In last week’s briefing, Sauer and other hospital leaders also mentioned the struggle to discharge patients who no longer need hospitalization. Nursing homes, assisted living centers and other care facilities are also short staffed, and have been largely unable to take patients in.
On Tuesday, however, Sauer said the hospital association is “very pleased” with the state’s efforts to move patients out of hospitals, including those on Medicaid. She added that there needs to be “continued work” on the issue, including potentially opening up alternative-care sites and using coronavirus-positive nursing home units.
About 10% of hospital beds throughout the state are being occupied by those who don’t have medical needs, she said.
“We need that capacity for people who have acute care needs,” Sauer said.
Pregnant patients with COVID-19 also continue to worry doctors as more and more data emerges about the infection’s risk to pregnancies, said Dr. Linda O’Neal Eckert, a specialist in infectious diseases in obstetrics at Harborview Medical Center.
She mentioned one particular study published in August that looked at more than 800,000 pregnant patients from nearly 500 hospitals across the country, comparing coronavirus-positive pregnant patients to coronavirus-negative pregnant patients.
“I am seeing risks for the pregnant individuals that I’ve never seen with any other event in pregnancy,” Eckert said, adding that the study reported pregnant patients with COVID-19 are 15 times more likely to die than pregnant patients not infected with the virus. The study also showed coronavirus-positive pregnant patients are 14 times more likely to be intubated and 22 times more likely to be pushed into early labor.
In Eastern Washington and in rural communities, hospitalizations remain on the rise, hospital leaders also noted. As of Tuesday morning, about 305 patients in the Spokane metro area are hospitalized with COVID-19, Peg Currie, chief operating officer of Providence Health Care, said during the news conference.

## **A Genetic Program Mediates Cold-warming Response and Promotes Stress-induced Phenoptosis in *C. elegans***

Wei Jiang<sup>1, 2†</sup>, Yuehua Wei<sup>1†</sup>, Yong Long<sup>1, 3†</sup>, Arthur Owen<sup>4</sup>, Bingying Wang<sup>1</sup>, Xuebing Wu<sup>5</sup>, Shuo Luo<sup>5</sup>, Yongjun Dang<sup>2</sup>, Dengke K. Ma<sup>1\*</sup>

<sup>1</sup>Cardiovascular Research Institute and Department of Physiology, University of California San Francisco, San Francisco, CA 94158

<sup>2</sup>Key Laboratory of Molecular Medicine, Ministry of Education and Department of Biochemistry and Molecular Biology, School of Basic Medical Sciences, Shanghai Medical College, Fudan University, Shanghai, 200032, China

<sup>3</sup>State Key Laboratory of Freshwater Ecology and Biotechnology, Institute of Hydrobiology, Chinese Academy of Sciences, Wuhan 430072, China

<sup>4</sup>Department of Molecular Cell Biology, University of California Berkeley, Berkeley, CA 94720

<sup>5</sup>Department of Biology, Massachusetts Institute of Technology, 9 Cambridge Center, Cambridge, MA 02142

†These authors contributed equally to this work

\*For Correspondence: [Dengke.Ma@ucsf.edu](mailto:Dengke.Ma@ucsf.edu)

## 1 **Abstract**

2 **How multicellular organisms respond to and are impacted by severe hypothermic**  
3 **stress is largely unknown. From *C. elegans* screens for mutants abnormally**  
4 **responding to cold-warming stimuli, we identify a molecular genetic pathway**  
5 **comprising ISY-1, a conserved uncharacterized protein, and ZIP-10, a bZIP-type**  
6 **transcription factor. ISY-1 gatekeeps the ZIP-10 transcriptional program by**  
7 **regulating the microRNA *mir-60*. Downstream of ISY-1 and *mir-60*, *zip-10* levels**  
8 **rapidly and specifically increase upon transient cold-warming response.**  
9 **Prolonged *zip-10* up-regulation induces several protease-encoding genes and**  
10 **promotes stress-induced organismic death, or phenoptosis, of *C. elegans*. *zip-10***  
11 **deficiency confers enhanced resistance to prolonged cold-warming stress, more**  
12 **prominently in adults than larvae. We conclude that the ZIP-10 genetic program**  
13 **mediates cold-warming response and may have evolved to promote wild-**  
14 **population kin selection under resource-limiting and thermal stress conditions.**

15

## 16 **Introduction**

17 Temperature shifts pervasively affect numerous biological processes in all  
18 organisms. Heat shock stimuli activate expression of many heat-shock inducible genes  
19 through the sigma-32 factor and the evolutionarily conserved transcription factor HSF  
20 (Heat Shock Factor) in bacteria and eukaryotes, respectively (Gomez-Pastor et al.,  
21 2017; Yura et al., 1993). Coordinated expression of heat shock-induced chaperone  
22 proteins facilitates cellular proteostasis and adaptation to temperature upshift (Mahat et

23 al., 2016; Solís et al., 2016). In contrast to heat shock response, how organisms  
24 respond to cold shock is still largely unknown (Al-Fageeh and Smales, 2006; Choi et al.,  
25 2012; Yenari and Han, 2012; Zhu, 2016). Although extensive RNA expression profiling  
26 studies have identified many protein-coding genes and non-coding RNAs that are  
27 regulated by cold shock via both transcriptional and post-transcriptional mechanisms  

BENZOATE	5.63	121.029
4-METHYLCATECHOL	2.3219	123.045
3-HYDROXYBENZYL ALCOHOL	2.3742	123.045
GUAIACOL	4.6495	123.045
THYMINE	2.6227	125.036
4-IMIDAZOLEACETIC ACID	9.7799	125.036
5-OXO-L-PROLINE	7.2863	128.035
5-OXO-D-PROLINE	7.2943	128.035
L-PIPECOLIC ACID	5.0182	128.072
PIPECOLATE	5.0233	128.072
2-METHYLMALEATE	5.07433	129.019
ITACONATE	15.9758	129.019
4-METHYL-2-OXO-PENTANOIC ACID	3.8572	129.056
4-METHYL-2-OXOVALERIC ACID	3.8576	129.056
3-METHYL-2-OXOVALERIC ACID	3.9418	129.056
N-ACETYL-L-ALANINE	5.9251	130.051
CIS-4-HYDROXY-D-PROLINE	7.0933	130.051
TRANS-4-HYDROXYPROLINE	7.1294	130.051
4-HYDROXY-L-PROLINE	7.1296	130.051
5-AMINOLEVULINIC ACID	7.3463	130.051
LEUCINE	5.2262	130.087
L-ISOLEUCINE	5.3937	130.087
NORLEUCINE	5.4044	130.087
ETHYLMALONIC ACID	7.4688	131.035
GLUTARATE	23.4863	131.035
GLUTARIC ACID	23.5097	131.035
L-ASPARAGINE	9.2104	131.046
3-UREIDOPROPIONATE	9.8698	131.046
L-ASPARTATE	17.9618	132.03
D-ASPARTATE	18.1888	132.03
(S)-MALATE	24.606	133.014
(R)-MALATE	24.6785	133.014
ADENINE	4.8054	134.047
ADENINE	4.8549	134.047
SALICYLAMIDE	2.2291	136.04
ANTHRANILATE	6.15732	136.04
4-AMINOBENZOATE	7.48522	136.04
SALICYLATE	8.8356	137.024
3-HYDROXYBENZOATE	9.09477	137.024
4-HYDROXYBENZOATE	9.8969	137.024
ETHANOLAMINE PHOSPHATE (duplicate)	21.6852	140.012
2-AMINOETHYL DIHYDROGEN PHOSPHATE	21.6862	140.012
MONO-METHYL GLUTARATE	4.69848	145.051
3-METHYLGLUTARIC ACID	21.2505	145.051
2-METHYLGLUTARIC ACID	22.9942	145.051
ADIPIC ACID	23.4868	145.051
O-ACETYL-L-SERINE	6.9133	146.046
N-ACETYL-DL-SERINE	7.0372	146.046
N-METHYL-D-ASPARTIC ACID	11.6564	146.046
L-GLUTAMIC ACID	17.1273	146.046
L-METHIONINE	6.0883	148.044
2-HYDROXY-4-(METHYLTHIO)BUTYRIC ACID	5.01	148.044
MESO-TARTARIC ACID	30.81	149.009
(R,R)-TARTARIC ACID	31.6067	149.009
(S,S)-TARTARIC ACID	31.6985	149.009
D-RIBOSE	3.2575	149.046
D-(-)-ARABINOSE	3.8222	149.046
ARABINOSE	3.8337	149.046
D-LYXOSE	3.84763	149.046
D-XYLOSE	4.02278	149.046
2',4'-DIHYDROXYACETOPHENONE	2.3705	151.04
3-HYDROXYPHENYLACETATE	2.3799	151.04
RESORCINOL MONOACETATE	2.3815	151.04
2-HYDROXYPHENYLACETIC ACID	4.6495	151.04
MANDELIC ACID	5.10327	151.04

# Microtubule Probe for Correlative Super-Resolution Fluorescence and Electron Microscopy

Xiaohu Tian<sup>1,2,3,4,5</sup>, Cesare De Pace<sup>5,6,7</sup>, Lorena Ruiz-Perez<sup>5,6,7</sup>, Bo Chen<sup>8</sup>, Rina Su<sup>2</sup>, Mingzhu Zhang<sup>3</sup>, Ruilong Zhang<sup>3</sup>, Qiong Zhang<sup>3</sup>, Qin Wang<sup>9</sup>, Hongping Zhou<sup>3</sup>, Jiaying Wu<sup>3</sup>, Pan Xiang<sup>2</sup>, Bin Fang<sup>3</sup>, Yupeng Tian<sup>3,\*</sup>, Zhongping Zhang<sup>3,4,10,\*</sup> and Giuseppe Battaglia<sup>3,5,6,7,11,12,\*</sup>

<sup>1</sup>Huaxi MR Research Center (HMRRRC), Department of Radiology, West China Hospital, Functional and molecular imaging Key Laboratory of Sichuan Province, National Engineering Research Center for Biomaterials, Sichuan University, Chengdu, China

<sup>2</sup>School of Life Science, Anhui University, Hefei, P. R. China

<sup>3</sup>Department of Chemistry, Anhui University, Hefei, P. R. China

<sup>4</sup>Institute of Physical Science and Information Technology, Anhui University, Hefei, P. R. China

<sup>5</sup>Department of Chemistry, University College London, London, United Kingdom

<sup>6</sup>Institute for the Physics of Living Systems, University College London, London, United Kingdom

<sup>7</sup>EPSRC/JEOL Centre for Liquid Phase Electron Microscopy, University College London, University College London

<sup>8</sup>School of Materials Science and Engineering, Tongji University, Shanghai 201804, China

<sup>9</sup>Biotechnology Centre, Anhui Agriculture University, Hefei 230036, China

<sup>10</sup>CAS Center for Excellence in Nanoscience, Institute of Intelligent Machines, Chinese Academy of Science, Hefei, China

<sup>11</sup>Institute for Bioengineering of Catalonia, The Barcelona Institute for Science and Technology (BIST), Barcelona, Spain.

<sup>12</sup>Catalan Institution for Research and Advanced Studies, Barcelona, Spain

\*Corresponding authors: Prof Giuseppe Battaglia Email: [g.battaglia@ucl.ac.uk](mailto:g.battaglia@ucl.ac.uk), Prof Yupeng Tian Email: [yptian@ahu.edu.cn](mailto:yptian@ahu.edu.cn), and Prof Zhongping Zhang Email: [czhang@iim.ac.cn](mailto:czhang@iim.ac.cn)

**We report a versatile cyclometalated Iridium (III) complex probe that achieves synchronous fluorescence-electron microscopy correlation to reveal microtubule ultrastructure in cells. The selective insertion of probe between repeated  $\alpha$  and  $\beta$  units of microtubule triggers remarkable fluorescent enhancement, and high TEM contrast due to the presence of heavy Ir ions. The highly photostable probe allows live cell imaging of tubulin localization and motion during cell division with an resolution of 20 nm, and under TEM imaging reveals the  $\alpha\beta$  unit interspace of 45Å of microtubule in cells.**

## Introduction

“Health care is not an unlimited resource,” Currie said.
Providence has stopped elective surgeries, including children’s surgeries, because the health care system is unable to staff them or doesn’t have the appropriate outpatient beds.
Statewide, certain non-urgent procedures continue to be canceled, including colostomy reversals and other “very serious care that people need,” Sauer added.
Across the Washington border, Currie said, Kootenai Health — a health care system in Coeur d’Alene, Idaho — has declared crisis standards of care. The hospital is 50% full of coronavirus-positive patients, mostly those ages 40 to 50 years old, she said.
The increased hospitalization trend means more and more local officials are going to be requiring proof of vaccination for nonessential public gatherings, Sauer said.
In King County, Executive Dow Constantine announced Tuesday that Public Health – Seattle & King County is working to develop a vaccine verification policy for some nonessential indoor business activities and other venues. Further details about the policy are not yet clear, but Constantine said in a Tuesday statement that it would go into effect sometime in October.
Clallam and Jefferson counties have already adopted some form of vaccine verification policies.
“We’re at a critical point in the pandemic,” Constantine said in the statement. “In a County where more than 4 out of 5 eligible residents have taken advantage of the opportunity to be vaccinated against COVID, vaccine verification is the best way for businesses and gatherings to remain open, vibrant, and at full capacity.”
Editor’s note: A previous version of this story gave incorrect statistics for the increased risks faced by pregnant COVID-19 patients.